This article is by Mohanbir Sawhney, professor, and Sanjay Khosla, senior fellow, at Kellogg School of Management. They are the authors of Fewer, Bigger, Bolder: From Mindless Expansion to Focused Growth.
Move MOVE +1.29% over Amazon. There’s a new e-commerce leader in town. With its triumphant $21.8 billion initial public offering, Alibaba has eclipsed Amazon as the largest and most valuable e-commerce company in the world. In fact, based on the first day of trading, Alibaba is more valuable than Amazon and eBay combined. Alibaba’s vast e-commerce empire encompasses wholesale, retail, group buying, and payments. It has also been aggressively investing in startup firms, shelling out $8 billion just in the past six months. Alibaba’s charismatic founder, Jack Ma, has made no secret of its global ambitions. Alibaba is knocking on Amazon’s doorstep in the United States and Europe. Meanwhile, Amazon is making efforts to expand its small presence in the lucrative Chinese e-commerce market.
As these two titans of e-commerce cross borders, who will win the global e-commerce war? Will Alibaba become a viable competitor for Amazon in the West? Will Amazon be able to compete on Alibaba’s home turf? The battle is just beginning, but we can make some predictions about how it may play out by looking at the similarities and differences between Amazon and Alibaba.
At first glance, the companies seem to have a lot in common. Both companies focus on helping people buy a vast variety of products at low prices without stepping into a store. Like Amazon, Alibaba has built up a massive customer base and data infrastructure and has emerged as the dominant player in its home market. But the similarities end there. Alibaba is not a traditional e-commerce company. It operates an “open marketplace” that connects buyers with sellers. It has created an e-commerce platform that helps small businesses as well as branded manufacturers reach consumers. It does not sell anything directly and does not own any warehouses. As a result, Alibaba is vastly more profitable than Amazon, with margins of almost 40% and earnings of almost $2 billion in the most recent quarter, according to its IPO filing documents.
In contrast, Amazon operates a “managed marketplace” that is closer to traditional retailing. It owns massive distribution centers, sells a majority of its products directly, and even manufacturers its own brands of smartphones and tablets. Amazon’s model gives the company far greater control over the customer experience and has allowed it to build a storied reputation for customer service. The downside: It has to make massive investments in infrastructure, employ legions of people, and operate on a wafer-thin profit margin.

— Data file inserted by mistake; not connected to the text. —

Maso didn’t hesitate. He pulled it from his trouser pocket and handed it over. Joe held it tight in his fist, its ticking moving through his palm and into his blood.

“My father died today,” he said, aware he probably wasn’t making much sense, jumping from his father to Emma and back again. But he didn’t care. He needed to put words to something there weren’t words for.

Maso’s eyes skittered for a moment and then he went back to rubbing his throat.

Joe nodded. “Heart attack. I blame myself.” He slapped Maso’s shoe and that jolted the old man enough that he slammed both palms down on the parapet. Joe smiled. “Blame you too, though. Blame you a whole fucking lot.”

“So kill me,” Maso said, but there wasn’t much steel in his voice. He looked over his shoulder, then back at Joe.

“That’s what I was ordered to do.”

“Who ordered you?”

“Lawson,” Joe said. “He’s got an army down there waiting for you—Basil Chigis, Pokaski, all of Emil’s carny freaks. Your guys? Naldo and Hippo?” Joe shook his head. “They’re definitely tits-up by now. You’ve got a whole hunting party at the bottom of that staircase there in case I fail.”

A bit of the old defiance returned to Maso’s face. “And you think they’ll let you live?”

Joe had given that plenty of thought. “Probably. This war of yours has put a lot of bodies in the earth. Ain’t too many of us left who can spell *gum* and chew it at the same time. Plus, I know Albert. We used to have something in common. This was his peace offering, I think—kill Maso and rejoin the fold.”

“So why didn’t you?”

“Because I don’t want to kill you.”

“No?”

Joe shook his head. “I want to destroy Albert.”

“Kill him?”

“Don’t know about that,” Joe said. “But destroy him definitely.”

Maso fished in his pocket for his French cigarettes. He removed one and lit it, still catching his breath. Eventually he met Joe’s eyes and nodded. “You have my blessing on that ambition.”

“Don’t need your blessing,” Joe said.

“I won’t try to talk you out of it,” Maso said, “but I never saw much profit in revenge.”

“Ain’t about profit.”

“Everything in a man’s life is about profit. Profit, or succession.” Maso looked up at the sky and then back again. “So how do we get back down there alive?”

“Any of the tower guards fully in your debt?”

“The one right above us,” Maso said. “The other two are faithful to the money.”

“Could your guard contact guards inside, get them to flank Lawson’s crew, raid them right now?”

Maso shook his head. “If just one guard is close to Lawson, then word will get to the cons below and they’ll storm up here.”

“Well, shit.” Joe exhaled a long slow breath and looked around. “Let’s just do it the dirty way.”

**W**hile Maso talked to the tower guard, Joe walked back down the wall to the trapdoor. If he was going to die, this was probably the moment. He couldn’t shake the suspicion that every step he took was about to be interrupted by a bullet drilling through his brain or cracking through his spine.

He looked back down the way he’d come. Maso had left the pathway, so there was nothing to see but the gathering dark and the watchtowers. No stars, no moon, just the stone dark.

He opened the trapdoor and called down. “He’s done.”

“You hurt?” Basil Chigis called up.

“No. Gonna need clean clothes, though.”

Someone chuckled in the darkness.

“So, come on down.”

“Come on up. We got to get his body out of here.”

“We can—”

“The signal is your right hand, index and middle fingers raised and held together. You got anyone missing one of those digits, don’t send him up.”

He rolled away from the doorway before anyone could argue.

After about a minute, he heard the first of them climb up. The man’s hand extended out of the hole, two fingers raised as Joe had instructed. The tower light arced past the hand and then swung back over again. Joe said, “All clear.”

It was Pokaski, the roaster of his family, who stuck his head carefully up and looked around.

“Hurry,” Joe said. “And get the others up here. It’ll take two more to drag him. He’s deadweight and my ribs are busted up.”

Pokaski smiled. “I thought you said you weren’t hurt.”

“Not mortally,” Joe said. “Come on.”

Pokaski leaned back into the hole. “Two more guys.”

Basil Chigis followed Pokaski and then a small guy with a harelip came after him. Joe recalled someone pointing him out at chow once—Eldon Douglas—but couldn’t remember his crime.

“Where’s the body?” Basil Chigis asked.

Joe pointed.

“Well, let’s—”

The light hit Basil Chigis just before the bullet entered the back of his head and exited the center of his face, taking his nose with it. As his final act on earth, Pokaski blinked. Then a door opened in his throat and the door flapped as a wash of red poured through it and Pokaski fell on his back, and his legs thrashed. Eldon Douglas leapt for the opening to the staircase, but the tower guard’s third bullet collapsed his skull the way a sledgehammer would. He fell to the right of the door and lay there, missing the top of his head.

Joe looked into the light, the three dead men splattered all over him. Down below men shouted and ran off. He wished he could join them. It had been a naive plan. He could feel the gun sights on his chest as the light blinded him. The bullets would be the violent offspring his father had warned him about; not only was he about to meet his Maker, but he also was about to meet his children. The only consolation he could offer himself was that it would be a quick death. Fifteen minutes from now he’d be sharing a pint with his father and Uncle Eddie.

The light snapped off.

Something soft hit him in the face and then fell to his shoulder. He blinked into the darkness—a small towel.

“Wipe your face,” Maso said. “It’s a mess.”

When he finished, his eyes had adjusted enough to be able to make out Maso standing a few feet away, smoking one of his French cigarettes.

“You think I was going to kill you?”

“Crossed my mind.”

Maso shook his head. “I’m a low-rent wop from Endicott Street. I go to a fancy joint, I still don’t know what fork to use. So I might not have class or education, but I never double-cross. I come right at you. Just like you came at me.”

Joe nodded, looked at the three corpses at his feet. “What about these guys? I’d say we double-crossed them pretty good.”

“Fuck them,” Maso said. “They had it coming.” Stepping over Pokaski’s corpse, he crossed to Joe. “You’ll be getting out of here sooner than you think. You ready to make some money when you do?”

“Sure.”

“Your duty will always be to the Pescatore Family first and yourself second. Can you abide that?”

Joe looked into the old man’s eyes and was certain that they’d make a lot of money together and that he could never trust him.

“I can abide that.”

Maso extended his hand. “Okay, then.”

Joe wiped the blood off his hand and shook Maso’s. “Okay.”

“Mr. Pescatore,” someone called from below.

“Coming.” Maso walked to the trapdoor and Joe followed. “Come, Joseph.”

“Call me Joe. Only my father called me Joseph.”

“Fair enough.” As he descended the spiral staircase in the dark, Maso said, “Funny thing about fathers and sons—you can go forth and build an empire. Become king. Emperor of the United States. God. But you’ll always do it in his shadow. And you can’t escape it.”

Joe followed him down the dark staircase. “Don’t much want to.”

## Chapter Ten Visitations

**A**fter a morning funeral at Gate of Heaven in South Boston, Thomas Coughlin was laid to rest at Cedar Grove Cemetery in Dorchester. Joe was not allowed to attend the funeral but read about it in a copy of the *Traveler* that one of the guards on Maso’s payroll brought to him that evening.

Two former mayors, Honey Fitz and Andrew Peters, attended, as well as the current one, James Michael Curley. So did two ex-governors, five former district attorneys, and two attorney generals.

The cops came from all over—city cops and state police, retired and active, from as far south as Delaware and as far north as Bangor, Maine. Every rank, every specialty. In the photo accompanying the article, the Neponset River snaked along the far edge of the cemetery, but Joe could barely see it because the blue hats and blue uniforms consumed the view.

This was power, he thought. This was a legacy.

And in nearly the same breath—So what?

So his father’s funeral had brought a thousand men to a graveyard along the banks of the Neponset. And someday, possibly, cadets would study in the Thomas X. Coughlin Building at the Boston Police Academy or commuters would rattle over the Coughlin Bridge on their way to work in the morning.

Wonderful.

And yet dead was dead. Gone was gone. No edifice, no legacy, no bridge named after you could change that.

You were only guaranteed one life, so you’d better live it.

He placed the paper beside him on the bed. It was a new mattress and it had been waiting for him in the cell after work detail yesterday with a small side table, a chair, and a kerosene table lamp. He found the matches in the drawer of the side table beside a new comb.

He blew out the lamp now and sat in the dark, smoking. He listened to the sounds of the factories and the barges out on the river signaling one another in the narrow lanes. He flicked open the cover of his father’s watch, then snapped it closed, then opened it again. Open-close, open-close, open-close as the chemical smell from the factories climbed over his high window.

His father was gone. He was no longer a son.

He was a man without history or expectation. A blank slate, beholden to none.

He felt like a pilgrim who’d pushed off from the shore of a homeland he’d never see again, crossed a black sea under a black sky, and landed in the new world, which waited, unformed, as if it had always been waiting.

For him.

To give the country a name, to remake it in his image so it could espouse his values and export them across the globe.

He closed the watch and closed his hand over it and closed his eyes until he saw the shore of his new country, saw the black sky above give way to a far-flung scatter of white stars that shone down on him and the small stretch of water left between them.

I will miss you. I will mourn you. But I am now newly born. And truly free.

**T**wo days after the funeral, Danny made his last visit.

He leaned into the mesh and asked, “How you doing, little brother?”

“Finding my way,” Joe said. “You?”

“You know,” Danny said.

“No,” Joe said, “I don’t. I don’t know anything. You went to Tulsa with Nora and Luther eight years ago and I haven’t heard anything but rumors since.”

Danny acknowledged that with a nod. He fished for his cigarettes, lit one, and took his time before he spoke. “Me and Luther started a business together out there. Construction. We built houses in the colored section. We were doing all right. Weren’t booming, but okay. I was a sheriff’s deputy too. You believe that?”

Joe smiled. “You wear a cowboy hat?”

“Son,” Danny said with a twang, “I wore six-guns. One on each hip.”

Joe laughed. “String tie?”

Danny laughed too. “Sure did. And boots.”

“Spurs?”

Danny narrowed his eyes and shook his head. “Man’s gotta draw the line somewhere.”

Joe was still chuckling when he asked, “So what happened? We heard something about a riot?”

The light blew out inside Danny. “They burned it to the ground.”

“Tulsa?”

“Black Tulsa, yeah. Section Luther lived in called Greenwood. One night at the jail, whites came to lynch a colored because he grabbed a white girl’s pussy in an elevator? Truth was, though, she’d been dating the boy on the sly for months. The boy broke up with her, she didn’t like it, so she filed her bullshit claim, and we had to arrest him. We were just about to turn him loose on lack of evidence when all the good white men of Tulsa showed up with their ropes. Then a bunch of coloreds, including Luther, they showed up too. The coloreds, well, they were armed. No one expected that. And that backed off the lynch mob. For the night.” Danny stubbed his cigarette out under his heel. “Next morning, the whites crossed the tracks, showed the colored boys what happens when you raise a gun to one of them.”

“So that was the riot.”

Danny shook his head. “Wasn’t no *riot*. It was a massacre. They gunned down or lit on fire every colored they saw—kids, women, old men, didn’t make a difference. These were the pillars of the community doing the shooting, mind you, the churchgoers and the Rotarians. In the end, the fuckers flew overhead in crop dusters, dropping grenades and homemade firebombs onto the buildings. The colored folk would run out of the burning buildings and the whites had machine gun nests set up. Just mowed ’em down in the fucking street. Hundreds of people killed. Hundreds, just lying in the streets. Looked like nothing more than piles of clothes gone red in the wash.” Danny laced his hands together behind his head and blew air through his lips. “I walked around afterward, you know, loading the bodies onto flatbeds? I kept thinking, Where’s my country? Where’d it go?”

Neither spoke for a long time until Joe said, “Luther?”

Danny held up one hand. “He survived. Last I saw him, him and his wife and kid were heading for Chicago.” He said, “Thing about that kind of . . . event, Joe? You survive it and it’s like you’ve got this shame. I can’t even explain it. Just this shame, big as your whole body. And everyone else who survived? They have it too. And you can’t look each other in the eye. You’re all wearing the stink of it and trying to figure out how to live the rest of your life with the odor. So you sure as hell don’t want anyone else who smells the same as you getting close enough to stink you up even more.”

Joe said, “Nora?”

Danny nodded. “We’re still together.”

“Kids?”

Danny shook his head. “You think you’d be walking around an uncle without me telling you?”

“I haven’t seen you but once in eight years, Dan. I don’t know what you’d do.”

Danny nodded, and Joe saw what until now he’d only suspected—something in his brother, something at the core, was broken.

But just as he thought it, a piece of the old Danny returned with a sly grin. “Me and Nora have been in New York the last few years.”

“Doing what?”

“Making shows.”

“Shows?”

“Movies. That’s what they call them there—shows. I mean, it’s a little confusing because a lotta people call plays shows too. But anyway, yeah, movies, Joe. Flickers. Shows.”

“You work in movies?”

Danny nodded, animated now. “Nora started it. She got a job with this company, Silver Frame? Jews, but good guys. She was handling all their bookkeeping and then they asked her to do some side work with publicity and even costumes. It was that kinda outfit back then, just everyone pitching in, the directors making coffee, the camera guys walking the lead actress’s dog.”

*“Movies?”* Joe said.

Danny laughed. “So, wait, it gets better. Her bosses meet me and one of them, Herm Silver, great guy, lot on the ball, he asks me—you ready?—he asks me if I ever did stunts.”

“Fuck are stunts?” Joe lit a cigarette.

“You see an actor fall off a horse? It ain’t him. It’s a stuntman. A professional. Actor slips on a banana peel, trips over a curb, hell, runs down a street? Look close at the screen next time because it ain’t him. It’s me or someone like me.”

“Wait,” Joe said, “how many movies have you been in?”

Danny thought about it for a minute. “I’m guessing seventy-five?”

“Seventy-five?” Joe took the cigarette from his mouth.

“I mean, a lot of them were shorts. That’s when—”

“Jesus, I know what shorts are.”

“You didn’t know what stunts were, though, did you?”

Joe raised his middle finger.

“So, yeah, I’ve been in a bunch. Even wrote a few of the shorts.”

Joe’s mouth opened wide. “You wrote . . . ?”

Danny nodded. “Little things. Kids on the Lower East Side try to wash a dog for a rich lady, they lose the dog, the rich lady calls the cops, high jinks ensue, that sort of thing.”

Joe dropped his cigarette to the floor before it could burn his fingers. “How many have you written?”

Both Amazon and Alibaba have built e-commerce platforms uniquely suited to their home markets. Alibaba has a deep understanding of Chinese consumers and of nuances in terms of tone, approach, and product variety. The company has mastered the intricacies of Chinese regulations and how to work with state and national governments. Conversely, Amazon is a master of logistics and supply chain management, and it is the world leader in cloud infrastructure services. Its Kindle Fire devices rely heavily on its vast catalog of music and movies and its shipping services as well as its cloud infrastructure. Unlike the iPhone, which is a truly global product, the Kindle Fire tablet and the Fire phone cannot deliver on their value proposition without hooking up with Amazon’s data centers and distribution system.
Amazon and Alibaba will find it difficult to export their finely tuned business models to each other’s markets. Amazon will need billions of dollars and several years to build out its distribution and content delivery infrastructure in China. It will have to engage in a costly battle for market share against a firmly entrenched competitor that knows its way around China way better than Amazon can ever hope to. Similarly, Alibaba will find it very difficult to compete with Amazon’s strong brand and well-honed supply chain and logistics skills in Western markets.
So how can Alibaba or Amazon conquer the world? They will need relentless focus on their home markets and disruptive innovation to win in their competitors’ markets. Alibaba will be well-served to continue to focus on the Chinese consumer, as the Chinese e-commerce market is still under-penetrated. It should rein in its confusing series of acquisitions and investments and focus them on e-commerce, cloud computing, digital content, and logistics. Flush with IPO cash and a lucrative stock as currency, Alibaba will be tempted to continue its acquisition spree in Western markets. But it should be cautious not to spread itself too thin and stay focused on assembling a coherent set of e-commerce platform assets in the United States and Europe.
The strategy for Amazon in China and India will also need to concentrate on building local market understanding and capabilities. This will require smart acquisitions of local e-commerce companies and a differentiated value proposition. For now, the money and the momentum is on Alibaba’s side, but success on Wall Street does not guarantee success on Main Street in the United States. The one sure winner in this battle of titans will be the e-commerce consumer.
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